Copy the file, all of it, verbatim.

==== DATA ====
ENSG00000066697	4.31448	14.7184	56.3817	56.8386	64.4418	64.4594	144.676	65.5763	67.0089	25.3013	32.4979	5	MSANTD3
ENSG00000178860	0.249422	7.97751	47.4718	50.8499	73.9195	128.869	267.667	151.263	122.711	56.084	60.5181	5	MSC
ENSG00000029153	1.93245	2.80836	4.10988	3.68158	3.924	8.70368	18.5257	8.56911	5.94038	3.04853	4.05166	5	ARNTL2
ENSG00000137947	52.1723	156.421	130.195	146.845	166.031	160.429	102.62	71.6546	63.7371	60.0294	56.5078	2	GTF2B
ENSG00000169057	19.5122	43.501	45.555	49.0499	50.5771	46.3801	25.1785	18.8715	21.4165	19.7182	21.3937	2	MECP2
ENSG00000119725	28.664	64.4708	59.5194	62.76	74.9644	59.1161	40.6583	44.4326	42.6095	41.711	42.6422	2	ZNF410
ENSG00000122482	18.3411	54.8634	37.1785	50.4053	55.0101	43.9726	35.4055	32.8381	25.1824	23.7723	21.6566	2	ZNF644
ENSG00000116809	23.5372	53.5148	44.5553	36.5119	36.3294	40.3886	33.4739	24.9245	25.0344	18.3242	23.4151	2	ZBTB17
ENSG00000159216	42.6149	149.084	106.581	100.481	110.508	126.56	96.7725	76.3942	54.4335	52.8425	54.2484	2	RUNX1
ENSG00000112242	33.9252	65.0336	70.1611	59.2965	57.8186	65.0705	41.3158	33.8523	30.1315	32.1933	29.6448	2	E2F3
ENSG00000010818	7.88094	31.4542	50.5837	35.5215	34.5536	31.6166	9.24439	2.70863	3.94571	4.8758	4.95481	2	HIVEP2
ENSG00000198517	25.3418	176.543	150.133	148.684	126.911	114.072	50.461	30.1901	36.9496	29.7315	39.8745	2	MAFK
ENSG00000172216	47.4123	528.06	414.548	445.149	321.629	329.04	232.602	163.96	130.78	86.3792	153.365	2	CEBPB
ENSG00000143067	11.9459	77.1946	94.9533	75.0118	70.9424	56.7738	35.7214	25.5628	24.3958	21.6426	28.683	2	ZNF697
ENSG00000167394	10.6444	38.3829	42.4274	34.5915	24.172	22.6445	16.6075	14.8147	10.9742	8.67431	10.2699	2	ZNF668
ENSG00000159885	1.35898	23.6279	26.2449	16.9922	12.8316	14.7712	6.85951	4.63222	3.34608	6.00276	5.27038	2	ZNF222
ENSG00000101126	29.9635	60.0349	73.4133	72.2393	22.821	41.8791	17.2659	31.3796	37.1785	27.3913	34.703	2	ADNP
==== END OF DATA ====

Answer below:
ENSG00000066697	4.31448	14.7184	56.3817	56.8386	64.4418	64.4594	144.676	65.5763	67.0089	25.3013	32.4979	5	MSANTD3
ENSG00000178860	0.249422	7.97751	47.4718	50.8499	73.9195	128.869	267.667	151.263	122.711	56.084	60.5181	5	MSC
ENSG00000029153	1.93245	2.80836	4.10988	3.68158	3.924	8.70368	18.5257	8.56911	5.94038	3.04853	4.05166	5	ARNTL2
ENSG00000137947	52.1723	156.421	130.195	146.845	166.031	160.429	102.62	71.6546	63.7371	60.0294	56.5078	2	GTF2B
ENSG00000169057	19.5122	43.501	45.555	49.0499	50.5771	46.3801	25.1785	18.8715	21.4165	19.7182	21.3937	2	MECP2
ENSG00000119725	28.664	64.4708	59.5194	62.76	74.9644	59.1161	40.6583	44.4326	42.6095	41.711	42.6422	2	ZNF410
ENSG00000122482	18.3411	54.8634	37.1785	50.4053	55.0101	43.9726	35.4055	32.8381	25.1824	23.7723	21.6566	2	ZNF644
ENSG00000116809	23.5372	53.5148	44.5553	36.5119	36.3294	40.3886	33.4739	24.9245	25.0344	18.3242	23.4151	2	ZBTB17
ENSG00000159216	42.6149	149.084	106.581	100.481	110.508	126.56	96.7725	76.3942	54.4335	52.8425	54.2484	2	RUNX1
ENSG00000112242	33.9252	65.0336	70.1611	59.2965	57.8186	65.0705	41.3158	33.8523	30.1315	32.1933	29.6448	2	E2F3
ENSG00000010818	7.88094	31.4542	50.5837	35.5215	34.5536	31.6166	9.24439	2.70863	3.94571	4.8758	4.95481	2	HIVEP2
ENSG00000198517	25.3418	176.543	150.133	148.684	126.911	114.072	50.461	30.1901	36.9496	29.7315	39.8745	2	MAFK
ENSG00000172216	47.4123	528.06	414.548	445.149	321.629	329.04	232.602	163.96	130.78	86.3792	153.365	2	CEBPB
ENSG00000143067	11.9459	77.1946	94.9533	75.0118	70.9424	56.7738	35.7214	25.5628	24.3958	21.6426	28.683	2	ZNF697
ENSG00000167394	10.6444	38.3829	42.4274	34.5915	24.172	22.6445	16.6075	14.8147	10.9742	8.67431	10.2699	2	ZNF668
ENSG00000159885	1.35898	23.6279	26.2449	16.9922	12.8316	14.7712	6.85951	4.63222	3.34608	6.00276	5.27038	2	ZNF222
ENSG00000101126	29.9635	60.0349	73.4133	72.2393	22.821	41.8791	17.2659	31.3796	37.1785	27.3913	34.703	2	ADNP